AOR: adjusted odds ratio; CI: confidence interval; e-cigarette: electronic cigarette; e-liquid: electronic liquid for e-cigarette; EVALI: e-cigarette, or vaping, product use–associated lung injury; NHLBI: National Heart, Lung, and Blood Institute; OR: odds ratio; UK: United Kingdom; USA: United States of America



We would like to thank the Department of Health in Ireland for setting this interesting research question.

Authors’ contributions

DOB conceptualized the research question and developed the search, screening and analysis plan jointly with AMcC, CL, JQ and JL. DOB, AMcC and CL screened the literature. DOB completed data extraction with JL as second reviewer and both DOB and JL completed the quality assessment. DOB, JQ and JL analyzed the data. JL and DOB drafted the manuscript, and PK, AMcC, JQ and CL read and contributed to revising the manuscript. All authors read and approved the final manuscript.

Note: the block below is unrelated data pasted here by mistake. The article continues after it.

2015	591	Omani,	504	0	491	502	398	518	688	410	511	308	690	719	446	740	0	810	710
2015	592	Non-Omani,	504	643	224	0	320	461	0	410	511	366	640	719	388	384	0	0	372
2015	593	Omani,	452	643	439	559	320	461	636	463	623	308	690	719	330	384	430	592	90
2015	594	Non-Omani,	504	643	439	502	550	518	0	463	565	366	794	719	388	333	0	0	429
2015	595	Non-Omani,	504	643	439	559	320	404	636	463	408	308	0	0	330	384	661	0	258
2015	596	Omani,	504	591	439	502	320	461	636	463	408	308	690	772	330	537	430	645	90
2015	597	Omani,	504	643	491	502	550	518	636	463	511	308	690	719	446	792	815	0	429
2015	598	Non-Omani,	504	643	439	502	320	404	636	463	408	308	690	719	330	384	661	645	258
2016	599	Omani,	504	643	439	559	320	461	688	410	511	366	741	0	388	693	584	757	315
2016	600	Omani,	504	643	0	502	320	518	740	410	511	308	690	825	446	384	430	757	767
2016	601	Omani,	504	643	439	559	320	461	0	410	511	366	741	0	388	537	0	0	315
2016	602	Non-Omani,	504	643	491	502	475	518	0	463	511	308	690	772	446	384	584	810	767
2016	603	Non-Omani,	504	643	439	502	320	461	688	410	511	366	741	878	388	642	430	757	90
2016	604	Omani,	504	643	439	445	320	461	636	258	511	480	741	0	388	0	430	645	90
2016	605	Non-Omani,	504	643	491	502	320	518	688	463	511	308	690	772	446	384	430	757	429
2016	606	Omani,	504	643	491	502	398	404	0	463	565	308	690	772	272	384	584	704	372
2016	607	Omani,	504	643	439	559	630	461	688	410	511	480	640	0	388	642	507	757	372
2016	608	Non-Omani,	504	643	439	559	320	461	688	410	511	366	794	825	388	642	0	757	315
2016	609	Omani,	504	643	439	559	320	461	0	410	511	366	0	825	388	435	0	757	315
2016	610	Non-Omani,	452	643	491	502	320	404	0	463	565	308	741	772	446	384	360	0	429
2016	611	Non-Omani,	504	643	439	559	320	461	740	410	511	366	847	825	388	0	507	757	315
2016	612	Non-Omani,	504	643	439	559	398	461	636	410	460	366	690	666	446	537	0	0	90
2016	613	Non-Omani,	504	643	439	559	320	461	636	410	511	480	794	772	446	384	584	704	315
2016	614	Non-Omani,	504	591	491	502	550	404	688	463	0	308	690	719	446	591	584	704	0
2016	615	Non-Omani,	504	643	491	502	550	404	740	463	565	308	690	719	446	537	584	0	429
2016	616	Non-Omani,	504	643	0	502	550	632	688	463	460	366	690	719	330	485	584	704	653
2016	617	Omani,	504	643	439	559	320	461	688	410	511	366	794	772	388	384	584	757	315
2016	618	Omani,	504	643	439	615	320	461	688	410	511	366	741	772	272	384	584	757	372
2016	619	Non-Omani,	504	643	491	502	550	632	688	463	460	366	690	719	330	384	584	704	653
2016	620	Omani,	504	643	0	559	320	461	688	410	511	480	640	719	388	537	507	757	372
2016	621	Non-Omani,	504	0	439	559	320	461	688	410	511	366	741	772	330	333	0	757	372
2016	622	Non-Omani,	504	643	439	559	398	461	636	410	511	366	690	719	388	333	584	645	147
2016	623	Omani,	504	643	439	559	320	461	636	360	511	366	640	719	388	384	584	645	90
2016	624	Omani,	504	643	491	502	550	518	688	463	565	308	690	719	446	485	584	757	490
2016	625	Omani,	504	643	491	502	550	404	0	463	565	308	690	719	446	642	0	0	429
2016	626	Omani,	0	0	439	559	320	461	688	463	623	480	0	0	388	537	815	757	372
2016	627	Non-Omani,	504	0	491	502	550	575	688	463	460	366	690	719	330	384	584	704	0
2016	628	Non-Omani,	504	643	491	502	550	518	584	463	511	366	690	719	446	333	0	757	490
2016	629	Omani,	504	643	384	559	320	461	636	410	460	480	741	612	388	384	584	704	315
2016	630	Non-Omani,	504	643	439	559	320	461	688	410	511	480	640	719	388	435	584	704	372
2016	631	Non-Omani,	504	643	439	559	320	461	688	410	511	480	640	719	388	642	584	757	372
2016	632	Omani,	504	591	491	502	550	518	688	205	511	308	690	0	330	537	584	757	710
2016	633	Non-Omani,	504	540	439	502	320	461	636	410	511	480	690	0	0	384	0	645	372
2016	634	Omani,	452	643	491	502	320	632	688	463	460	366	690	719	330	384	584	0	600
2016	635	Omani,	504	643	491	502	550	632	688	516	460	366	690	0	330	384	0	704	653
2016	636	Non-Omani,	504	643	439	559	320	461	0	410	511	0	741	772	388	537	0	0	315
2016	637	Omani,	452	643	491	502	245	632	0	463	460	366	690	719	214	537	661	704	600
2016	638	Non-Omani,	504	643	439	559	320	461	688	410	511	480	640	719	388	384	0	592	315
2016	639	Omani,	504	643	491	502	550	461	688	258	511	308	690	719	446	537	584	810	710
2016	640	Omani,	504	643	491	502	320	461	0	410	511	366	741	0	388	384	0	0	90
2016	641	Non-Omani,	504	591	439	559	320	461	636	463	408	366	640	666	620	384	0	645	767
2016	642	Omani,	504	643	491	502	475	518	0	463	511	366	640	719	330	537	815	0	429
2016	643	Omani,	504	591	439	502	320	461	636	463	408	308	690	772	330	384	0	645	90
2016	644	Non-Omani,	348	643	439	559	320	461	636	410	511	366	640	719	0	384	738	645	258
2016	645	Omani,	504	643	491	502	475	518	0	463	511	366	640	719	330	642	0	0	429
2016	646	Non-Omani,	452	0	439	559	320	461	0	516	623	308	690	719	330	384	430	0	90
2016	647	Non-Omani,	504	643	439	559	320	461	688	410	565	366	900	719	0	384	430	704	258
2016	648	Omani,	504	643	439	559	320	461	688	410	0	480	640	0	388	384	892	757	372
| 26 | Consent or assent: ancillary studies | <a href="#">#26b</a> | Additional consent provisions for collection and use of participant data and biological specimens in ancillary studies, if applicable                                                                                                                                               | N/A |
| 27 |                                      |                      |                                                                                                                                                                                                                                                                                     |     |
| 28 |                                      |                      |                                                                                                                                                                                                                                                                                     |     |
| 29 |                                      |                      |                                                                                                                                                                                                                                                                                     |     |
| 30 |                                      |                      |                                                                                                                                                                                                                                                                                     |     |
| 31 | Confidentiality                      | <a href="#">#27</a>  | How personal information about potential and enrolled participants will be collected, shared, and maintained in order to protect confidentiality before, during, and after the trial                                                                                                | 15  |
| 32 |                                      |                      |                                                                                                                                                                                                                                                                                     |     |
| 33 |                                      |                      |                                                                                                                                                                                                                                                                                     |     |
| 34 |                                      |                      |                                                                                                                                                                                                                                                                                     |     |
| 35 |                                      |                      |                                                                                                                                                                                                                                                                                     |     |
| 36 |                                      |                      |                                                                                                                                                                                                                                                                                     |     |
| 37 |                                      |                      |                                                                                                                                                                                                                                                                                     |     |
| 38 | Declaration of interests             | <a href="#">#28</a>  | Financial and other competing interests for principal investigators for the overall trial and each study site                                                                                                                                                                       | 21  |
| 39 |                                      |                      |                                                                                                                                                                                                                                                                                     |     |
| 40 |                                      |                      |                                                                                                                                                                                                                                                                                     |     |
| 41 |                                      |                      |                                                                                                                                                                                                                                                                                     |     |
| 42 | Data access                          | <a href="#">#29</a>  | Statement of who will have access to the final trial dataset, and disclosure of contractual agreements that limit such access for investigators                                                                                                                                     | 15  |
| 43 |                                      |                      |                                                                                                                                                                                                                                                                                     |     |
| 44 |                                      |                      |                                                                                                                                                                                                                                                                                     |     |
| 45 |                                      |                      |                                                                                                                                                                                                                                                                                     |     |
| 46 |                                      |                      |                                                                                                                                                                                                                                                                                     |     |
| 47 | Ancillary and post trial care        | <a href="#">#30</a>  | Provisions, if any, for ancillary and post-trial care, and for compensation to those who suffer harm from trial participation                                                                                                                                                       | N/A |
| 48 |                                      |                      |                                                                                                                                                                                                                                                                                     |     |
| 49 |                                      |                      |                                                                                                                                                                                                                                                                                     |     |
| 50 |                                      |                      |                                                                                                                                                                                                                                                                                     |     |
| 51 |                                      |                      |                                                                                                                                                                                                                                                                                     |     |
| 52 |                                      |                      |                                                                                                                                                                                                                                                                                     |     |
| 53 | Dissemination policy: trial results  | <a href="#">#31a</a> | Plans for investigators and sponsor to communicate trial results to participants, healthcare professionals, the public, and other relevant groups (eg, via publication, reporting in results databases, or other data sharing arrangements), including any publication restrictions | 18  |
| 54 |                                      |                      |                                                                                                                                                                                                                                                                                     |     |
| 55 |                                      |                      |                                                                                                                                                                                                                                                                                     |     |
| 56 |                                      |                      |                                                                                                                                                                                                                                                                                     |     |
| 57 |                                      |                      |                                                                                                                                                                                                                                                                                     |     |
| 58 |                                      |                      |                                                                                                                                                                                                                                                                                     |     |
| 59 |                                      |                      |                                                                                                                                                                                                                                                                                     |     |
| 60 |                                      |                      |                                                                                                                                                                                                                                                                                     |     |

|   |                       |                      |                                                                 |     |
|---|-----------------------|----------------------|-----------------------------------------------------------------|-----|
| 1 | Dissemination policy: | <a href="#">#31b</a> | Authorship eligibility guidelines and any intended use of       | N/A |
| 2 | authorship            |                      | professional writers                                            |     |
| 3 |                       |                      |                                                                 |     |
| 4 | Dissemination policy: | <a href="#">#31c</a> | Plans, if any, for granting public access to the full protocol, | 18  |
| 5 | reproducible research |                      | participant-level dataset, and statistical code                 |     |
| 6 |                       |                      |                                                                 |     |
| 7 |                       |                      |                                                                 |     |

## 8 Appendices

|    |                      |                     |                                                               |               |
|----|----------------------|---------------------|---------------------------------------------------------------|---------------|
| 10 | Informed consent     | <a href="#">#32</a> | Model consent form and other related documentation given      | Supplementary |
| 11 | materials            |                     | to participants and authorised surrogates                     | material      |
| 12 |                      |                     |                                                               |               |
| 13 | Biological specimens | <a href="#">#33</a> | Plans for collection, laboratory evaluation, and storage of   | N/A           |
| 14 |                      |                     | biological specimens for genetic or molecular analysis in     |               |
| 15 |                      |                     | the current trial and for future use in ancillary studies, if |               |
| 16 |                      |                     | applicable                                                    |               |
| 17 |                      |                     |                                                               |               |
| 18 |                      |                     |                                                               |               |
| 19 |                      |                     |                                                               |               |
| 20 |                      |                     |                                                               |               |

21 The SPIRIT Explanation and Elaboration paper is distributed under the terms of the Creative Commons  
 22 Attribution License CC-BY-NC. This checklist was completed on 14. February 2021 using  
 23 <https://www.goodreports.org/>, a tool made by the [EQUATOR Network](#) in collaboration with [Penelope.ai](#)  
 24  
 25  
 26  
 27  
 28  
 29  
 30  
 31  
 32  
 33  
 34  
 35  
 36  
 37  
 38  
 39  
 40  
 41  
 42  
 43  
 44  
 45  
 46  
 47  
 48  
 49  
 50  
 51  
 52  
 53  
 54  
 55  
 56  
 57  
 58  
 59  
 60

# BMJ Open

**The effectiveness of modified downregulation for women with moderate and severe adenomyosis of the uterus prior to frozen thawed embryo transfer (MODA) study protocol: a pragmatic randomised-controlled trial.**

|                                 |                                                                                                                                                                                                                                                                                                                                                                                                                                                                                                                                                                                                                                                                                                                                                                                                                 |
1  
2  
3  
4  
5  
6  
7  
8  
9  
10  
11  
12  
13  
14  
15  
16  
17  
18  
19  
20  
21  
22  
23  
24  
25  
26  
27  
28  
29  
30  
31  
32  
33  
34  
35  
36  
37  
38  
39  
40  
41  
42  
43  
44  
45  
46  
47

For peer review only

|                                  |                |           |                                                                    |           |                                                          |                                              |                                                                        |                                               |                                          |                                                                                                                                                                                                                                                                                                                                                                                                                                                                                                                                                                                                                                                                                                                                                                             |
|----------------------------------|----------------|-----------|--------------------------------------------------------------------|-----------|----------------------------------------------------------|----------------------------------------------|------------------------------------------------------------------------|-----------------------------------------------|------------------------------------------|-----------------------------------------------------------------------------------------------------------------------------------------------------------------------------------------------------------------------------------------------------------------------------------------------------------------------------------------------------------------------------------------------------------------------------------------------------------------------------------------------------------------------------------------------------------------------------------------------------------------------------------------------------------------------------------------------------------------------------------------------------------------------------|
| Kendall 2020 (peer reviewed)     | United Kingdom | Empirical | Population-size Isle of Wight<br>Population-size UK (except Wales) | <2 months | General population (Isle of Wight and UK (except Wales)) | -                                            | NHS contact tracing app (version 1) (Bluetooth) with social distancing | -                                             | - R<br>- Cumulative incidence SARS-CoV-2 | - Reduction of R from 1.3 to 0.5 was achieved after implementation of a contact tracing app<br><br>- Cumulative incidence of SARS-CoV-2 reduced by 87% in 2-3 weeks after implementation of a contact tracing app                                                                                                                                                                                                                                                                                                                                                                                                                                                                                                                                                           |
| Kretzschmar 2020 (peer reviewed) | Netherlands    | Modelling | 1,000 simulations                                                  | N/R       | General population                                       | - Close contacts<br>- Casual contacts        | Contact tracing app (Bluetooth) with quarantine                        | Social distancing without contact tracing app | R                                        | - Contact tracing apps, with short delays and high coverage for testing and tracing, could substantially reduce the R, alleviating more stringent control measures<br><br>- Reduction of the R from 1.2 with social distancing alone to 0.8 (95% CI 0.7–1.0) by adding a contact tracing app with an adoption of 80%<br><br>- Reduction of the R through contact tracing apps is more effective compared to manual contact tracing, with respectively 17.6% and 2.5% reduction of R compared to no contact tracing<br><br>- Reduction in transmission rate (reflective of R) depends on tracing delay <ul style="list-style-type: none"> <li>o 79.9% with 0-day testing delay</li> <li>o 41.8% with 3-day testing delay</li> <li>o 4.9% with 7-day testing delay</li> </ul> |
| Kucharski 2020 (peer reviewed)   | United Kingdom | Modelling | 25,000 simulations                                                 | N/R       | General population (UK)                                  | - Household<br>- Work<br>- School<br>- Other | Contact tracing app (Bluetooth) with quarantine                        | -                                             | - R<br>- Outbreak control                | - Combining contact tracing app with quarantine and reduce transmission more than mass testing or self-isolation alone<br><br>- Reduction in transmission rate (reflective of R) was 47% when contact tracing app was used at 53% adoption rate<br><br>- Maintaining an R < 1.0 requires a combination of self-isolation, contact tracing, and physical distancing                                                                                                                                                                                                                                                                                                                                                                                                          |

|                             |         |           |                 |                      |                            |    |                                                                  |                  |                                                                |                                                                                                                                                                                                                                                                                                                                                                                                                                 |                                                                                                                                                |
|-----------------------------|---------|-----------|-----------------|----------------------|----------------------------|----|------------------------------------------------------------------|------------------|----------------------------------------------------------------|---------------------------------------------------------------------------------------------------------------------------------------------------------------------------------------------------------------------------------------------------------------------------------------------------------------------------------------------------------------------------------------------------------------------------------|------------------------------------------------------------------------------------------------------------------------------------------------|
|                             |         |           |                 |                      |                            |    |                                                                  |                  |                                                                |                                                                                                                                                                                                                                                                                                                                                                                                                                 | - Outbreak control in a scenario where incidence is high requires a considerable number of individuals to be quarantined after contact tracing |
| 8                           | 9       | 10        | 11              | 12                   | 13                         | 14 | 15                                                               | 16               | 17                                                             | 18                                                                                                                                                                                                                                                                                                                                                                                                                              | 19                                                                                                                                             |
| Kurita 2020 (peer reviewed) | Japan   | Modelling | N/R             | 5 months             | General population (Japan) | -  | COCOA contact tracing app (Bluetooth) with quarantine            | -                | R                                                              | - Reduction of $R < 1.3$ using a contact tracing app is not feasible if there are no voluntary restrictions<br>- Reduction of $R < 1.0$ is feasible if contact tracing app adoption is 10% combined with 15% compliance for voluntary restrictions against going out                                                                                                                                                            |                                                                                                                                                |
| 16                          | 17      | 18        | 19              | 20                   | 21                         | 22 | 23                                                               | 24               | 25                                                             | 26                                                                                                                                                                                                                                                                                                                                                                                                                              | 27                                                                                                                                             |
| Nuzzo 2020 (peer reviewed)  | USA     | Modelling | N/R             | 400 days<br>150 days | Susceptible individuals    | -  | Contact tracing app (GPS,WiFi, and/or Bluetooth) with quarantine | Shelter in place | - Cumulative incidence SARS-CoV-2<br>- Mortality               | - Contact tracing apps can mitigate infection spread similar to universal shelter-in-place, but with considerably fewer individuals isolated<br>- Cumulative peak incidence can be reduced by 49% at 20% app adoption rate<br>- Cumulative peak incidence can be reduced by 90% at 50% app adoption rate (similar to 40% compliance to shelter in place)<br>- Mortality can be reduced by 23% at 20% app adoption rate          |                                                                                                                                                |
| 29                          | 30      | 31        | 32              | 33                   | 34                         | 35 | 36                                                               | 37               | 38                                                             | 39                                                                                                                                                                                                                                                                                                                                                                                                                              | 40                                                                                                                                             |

The systematic review was funded as part of the routine work of the Health Research Board.

Availability of data and materials

The primary research papers are available through bibliographic databases. The PRISMA flow chart, quality assessment sheet, and data extraction sheet is provided as part of the supplementary materials.

Ethics approval and consent to participate

As all data is published in primary papers, ethics approval for this analysis was not required.

Consent for publication

Not applicable.

Competing interests

The authors declare that they have no competing interests.

Author details

*Health Research Board, Grattan House, 67-72 Lower Mount Street, Dublin 2, D02 H638, Ireland, e [email protected]; [email protected]; [email protected]; [email protected]; [email protected];

‡Health Intelligence, Strategic Planning and Transformation, Health Service Executive, 4th Floor, Jervis House, Jervis Street, Dublin 1, D01 W596, Ireland. e [email protected]